U of T's Schwartz Reisman Institute and AI Global to develop global certification mark for trustworthy AI

The partnership between U of T's Schwartz Reisman Institute for Technology and Society and the non-profit organization AI Global aims to build trust in responsible, ethical and fair AI systems (photo by Andriy Onufriyenko/Getty Images)

The products and services we use in our daily lives have to abide by safety and security standards, from car airbags to construction materials. But no such broad, internationally agreed-upon standards exist for artificial intelligence.

And yet, AI tools and technologies are steadily being integrated into all aspects of our lives. AI’s potential benefits to humanity, such as improving health-care delivery or tackling climate change, are immense. But potential harms caused by AI tools –from algorithmic bias and labour displacement to risks associated with autonomous vehicles and weapons – risk leading to a lack of trust in AI technologies.

To tackle these problems, a new partnership between AI Global, a nonprofit organization focused on advancing responsible and ethical adoption of artificial intelligence, and the Schwartz Reisman Institute for Technology and Society (SRI) at the University of Toronto will create a globally recognized certification mark for the responsible and trusted use of AI systems.

In collaboration with the World Economic Forum’s Shaping the Future of Technology Governance: Artificial Intelligence and Machine Learning platform, the partnership will convene industry actors, policy-makers, civil society representatives and academics to build a universally recognized framework that validates AI tools and technologies as responsible, trustworthy, ethical and fair.

“In addition to our fundamental multidisciplinary research, SRI also aims to craft practical, implementable and globally appealing solutions to the challenge of building responsible and inclusive AI,” says Gillian Hadfield, the director of the Schwartz Reisman Institute for Technology and Society and a professor at U of T’s Faculty of Law and Rotman School of Management.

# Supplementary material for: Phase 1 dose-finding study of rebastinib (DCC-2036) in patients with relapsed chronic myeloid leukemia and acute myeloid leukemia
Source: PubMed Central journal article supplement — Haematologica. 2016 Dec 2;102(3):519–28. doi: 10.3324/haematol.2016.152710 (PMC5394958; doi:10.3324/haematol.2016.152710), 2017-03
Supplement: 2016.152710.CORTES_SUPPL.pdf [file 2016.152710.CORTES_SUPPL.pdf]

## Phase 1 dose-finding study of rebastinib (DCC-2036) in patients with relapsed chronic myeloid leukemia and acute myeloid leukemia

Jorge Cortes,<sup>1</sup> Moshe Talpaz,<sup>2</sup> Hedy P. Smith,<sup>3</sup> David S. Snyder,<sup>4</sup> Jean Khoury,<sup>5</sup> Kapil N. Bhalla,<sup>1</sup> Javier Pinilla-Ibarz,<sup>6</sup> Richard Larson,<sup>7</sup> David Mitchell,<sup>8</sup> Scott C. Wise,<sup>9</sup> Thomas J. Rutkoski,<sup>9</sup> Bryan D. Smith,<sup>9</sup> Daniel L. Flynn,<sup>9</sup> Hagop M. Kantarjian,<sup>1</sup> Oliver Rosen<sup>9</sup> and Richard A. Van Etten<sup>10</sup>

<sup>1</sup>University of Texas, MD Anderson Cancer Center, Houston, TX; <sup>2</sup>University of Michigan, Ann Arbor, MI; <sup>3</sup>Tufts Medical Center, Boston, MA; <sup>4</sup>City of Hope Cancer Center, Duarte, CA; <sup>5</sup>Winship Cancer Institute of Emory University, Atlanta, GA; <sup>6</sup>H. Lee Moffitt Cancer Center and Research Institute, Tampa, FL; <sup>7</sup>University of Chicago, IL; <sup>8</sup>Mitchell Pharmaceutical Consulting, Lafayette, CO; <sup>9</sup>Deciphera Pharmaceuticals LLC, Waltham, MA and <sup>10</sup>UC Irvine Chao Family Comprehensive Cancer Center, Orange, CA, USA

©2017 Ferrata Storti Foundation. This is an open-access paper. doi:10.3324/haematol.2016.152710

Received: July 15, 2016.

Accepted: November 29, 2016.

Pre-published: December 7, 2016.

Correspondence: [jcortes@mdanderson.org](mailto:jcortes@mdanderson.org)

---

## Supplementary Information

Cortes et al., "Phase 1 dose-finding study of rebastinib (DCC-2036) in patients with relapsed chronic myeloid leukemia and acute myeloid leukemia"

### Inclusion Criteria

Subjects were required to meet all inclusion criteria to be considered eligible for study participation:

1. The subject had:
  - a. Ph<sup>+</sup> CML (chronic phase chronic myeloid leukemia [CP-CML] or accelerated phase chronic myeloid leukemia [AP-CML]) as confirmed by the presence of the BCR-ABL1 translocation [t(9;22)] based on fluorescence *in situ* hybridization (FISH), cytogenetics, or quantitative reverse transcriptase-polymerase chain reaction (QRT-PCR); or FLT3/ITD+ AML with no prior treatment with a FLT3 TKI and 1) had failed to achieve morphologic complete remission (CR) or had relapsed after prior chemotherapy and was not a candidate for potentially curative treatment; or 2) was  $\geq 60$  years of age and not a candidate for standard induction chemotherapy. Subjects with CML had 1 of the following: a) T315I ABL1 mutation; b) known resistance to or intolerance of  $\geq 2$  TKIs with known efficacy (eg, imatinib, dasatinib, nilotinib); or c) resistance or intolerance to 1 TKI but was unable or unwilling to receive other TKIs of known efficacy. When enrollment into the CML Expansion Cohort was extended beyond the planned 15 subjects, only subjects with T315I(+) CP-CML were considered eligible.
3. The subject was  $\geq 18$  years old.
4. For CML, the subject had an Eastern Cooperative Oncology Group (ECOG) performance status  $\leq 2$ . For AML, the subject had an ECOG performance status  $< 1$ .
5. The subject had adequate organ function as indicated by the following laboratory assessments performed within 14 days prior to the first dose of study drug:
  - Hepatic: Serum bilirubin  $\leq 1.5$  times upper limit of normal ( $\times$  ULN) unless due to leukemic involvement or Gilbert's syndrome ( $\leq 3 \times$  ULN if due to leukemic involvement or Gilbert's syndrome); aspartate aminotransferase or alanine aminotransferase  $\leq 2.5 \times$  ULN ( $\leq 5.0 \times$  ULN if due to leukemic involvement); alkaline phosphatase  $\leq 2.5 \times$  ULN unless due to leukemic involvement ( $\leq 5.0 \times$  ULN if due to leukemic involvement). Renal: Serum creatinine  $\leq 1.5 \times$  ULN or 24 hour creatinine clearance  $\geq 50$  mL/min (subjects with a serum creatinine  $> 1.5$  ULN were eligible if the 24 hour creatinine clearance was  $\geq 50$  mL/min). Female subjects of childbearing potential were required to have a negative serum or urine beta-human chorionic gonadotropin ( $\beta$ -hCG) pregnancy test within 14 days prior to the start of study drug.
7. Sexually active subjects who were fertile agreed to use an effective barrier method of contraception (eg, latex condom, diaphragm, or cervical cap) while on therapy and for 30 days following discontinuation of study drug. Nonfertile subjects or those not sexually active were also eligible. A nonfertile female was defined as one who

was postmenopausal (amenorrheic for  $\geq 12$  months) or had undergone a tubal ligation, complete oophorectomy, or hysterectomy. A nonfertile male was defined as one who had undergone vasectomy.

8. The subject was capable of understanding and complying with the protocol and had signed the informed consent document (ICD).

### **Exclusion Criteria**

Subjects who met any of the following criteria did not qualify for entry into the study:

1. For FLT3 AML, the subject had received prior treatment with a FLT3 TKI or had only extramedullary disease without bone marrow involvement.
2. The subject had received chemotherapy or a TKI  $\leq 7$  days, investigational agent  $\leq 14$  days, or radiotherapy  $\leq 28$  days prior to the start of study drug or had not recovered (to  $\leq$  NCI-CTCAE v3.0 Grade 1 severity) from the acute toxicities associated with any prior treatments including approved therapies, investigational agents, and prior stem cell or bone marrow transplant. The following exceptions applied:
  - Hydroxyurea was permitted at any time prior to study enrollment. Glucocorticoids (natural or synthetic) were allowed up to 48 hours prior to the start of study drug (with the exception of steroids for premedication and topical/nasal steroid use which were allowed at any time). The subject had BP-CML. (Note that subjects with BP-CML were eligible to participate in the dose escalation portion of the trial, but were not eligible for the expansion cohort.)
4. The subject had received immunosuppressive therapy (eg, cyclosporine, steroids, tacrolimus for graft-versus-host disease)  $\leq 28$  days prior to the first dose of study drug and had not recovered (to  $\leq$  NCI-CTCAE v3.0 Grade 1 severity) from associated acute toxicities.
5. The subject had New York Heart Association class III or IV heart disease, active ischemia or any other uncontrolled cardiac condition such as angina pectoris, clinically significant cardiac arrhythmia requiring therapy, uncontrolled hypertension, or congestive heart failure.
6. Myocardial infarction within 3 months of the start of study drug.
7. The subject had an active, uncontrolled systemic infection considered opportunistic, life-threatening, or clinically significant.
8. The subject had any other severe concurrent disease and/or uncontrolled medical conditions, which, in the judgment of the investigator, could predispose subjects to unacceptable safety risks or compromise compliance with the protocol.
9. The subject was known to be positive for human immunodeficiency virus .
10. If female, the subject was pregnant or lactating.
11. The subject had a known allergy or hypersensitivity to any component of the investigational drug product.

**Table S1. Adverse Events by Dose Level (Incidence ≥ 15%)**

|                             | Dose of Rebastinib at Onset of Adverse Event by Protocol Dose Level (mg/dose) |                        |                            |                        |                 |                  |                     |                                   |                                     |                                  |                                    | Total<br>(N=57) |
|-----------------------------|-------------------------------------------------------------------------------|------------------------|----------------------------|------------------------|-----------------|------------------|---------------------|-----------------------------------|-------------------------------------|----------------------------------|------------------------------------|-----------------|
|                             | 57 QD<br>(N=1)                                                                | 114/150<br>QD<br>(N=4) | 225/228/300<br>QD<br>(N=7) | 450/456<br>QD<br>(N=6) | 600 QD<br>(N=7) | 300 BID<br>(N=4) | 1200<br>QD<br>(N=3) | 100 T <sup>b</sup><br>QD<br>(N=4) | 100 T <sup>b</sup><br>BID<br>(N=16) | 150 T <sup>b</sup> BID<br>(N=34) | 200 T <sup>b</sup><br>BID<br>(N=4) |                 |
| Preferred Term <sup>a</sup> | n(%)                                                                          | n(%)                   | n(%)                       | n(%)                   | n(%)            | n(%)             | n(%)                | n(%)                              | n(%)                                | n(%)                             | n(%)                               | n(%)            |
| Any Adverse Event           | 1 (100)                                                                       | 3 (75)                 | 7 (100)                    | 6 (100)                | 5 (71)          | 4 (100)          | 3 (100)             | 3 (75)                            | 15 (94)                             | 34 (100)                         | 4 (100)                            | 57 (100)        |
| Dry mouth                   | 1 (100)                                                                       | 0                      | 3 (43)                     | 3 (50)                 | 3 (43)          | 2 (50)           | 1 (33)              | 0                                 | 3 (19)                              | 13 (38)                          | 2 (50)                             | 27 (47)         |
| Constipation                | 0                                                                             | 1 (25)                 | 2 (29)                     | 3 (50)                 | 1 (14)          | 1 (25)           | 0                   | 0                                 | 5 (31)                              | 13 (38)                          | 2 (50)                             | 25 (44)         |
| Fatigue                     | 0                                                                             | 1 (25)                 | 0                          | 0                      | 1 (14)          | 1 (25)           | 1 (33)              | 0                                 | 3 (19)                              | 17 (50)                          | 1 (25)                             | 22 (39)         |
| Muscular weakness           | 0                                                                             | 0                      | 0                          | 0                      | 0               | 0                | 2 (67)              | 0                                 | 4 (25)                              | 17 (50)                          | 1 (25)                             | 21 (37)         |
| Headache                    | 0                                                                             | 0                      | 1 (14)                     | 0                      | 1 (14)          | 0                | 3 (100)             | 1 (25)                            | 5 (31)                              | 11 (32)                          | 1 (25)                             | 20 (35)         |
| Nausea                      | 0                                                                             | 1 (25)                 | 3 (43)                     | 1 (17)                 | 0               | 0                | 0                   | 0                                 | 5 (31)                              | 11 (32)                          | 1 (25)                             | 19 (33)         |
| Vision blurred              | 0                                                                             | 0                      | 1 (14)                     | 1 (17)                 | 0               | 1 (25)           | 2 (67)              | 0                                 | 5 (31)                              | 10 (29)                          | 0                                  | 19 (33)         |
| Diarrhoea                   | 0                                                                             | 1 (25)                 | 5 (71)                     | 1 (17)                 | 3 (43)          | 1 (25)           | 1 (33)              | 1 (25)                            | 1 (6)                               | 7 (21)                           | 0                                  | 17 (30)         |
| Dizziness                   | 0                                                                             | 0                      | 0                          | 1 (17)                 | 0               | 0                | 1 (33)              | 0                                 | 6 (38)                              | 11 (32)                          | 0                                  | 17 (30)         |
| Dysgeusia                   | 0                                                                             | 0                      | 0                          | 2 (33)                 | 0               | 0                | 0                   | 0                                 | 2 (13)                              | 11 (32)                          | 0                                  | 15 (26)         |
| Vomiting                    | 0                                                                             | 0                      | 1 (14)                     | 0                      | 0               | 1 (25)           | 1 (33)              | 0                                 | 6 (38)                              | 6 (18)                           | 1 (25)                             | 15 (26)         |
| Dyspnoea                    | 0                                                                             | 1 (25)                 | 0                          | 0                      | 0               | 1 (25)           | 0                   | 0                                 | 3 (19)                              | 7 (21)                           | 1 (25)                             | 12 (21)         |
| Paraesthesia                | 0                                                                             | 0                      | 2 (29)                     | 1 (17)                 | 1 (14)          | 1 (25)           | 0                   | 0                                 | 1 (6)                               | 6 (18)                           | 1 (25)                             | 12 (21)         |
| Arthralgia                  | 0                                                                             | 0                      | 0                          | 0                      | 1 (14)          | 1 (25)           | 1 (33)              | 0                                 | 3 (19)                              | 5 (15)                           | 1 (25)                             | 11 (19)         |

Hadfield’s current research is focused on innovative design for legal and regulatory systems for AI and other complex global technologies. She also works on “the alignment problem”: a term that refers to the ideal that an AI’s actions should align with what humans would want.

“One of the reasons why we’re excited to partner with AI Global is that they’re focused on building tangible, usable tools to support the responsible development of AI,” says Hadfield. “And we firmly believe that’s what the world currently needs. The need for clear, objective regulations has never been more urgent.”

A wide variety of initiatives have already sought to drive AI development and deployment in the right directions: governments around the world have established advisory councils or created rules for singular AI tools in certain contexts; NGOs and think tanks have published sets of principles and best practices; and private companies such as Google have released official statements about the ways in which their AI practices pledge to be “responsible.”

But none of these initiatives amounts to enforceable and measurable regulations. Furthermore, there isn’t always agreement between regions, sectors and stakeholders about what, exactly, is “responsible” and why.

“We’ve heard a growing group of voices in recent years sharing insights on how AI systems should be built and managed,” says Ashley Casovan, executive director of AI Global. “But the kinds of high-level, non-binding principles we’ve seen proliferating are simply not enough given the scope, scale and complexity of these tools. It’s imperative that we take the next step now, pulling these concepts out of theory and into action.”

A global certification mark like the one being built by SRI and AI Global is the next step.

“Recognizing the importance of an independent and authoritative certification program working across sectors and across regions, this initiative aims to be the first third-party accredited certification for AI systems,” says Hadfield.

How will it work? First, experts will examine the wealth of existing research and calls for global reform in order to define the key requirements for a global AI certification program. Next, they’ll design a framework to support the validation of the program by a respected accreditation body or bodies. They’ll also design a framework for independent auditors to assess AI systems against the requirements for global certification. Finally, the framework will be applied to various use cases across sectors and regions.

“AI should empower people and businesses, impacting customers and society fairly, while allowing companies to engender trust and scale AI with confidence,” says Kay Firth-Butterfield, head of AI and machine learning at the World Economic Forum. “Industry actors that receive certification would be able to show that they have implemented credible, independently-validated and tested processes for the responsible use of AI systems.”

The project will unfold over a 12- to 18-month timeline, with two global workshops scheduled for May and November of 2021. A virtual kick-off event will be held on Dec. 9, 2020.


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